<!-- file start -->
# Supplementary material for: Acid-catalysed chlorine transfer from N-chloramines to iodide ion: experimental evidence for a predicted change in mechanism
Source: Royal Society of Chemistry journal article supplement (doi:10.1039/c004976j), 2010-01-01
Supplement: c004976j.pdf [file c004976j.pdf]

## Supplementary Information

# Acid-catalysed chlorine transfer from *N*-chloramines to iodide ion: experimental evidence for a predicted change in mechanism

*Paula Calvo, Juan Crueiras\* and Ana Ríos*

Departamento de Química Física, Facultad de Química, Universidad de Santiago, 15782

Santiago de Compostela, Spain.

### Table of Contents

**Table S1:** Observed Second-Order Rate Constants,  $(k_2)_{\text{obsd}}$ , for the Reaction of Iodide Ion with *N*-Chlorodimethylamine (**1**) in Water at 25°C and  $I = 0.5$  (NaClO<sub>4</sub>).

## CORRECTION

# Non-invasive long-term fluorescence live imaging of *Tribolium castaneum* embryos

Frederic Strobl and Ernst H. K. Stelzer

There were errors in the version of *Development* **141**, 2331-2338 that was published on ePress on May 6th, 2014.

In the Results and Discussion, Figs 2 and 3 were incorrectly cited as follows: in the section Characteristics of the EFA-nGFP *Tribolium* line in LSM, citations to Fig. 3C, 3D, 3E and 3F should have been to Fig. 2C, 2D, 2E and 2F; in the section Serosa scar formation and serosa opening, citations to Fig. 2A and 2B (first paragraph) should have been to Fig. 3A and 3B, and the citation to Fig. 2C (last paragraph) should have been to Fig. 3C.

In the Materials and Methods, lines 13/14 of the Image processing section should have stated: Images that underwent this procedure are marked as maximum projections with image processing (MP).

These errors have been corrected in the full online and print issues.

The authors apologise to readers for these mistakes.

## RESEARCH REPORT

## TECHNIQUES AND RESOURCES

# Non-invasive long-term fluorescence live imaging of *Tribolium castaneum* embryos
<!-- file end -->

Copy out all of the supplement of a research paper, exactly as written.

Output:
# Supplementary material for: Acid-catalysed chlorine transfer from N-chloramines to iodide ion: experimental evidence for a predicted change in mechanism
Source: Royal Society of Chemistry journal article supplement (doi:10.1039/c004976j), 2010-01-01
Supplement: c004976j.pdf [file c004976j.pdf]

## Supplementary Information

# Acid-catalysed chlorine transfer from *N*-chloramines to iodide ion: experimental evidence for a predicted change in mechanism

*Paula Calvo, Juan Crueiras\* and Ana Ríos*

Departamento de Química Física, Facultad de Química, Universidad de Santiago, 15782

Santiago de Compostela, Spain.

### Table of Contents

**Table S1:** Observed Second-Order Rate Constants,  $(k_2)_{\text{obsd}}$ , for the Reaction of Iodide Ion with *N*-Chlorodimethylamine (**1**) in Water at 25°C and  $I = 0.5$  (NaClO<sub>4</sub>).

## CORRECTION

# Non-invasive long-term fluorescence live imaging of *Tribolium castaneum* embryos

Frederic Strobl and Ernst H. K. Stelzer

There were errors in the version of *Development* **141**, 2331-2338 that was published on ePress on May 6th, 2014.

In the Results and Discussion, Figs 2 and 3 were incorrectly cited as follows: in the section Characteristics of the EFA-nGFP *Tribolium* line in LSM, citations to Fig. 3C, 3D, 3E and 3F should have been to Fig. 2C, 2D, 2E and 2F; in the section Serosa scar formation and serosa opening, citations to Fig. 2A and 2B (first paragraph) should have been to Fig. 3A and 3B, and the citation to Fig. 2C (last paragraph) should have been to Fig. 3C.

In the Materials and Methods, lines 13/14 of the Image processing section should have stated: Images that underwent this procedure are marked as maximum projections with image processing (MP).

These errors have been corrected in the full online and print issues.

The authors apologise to readers for these mistakes.

## RESEARCH REPORT

## TECHNIQUES AND RESOURCES

# Non-invasive long-term fluorescence live imaging of *Tribolium castaneum* embryos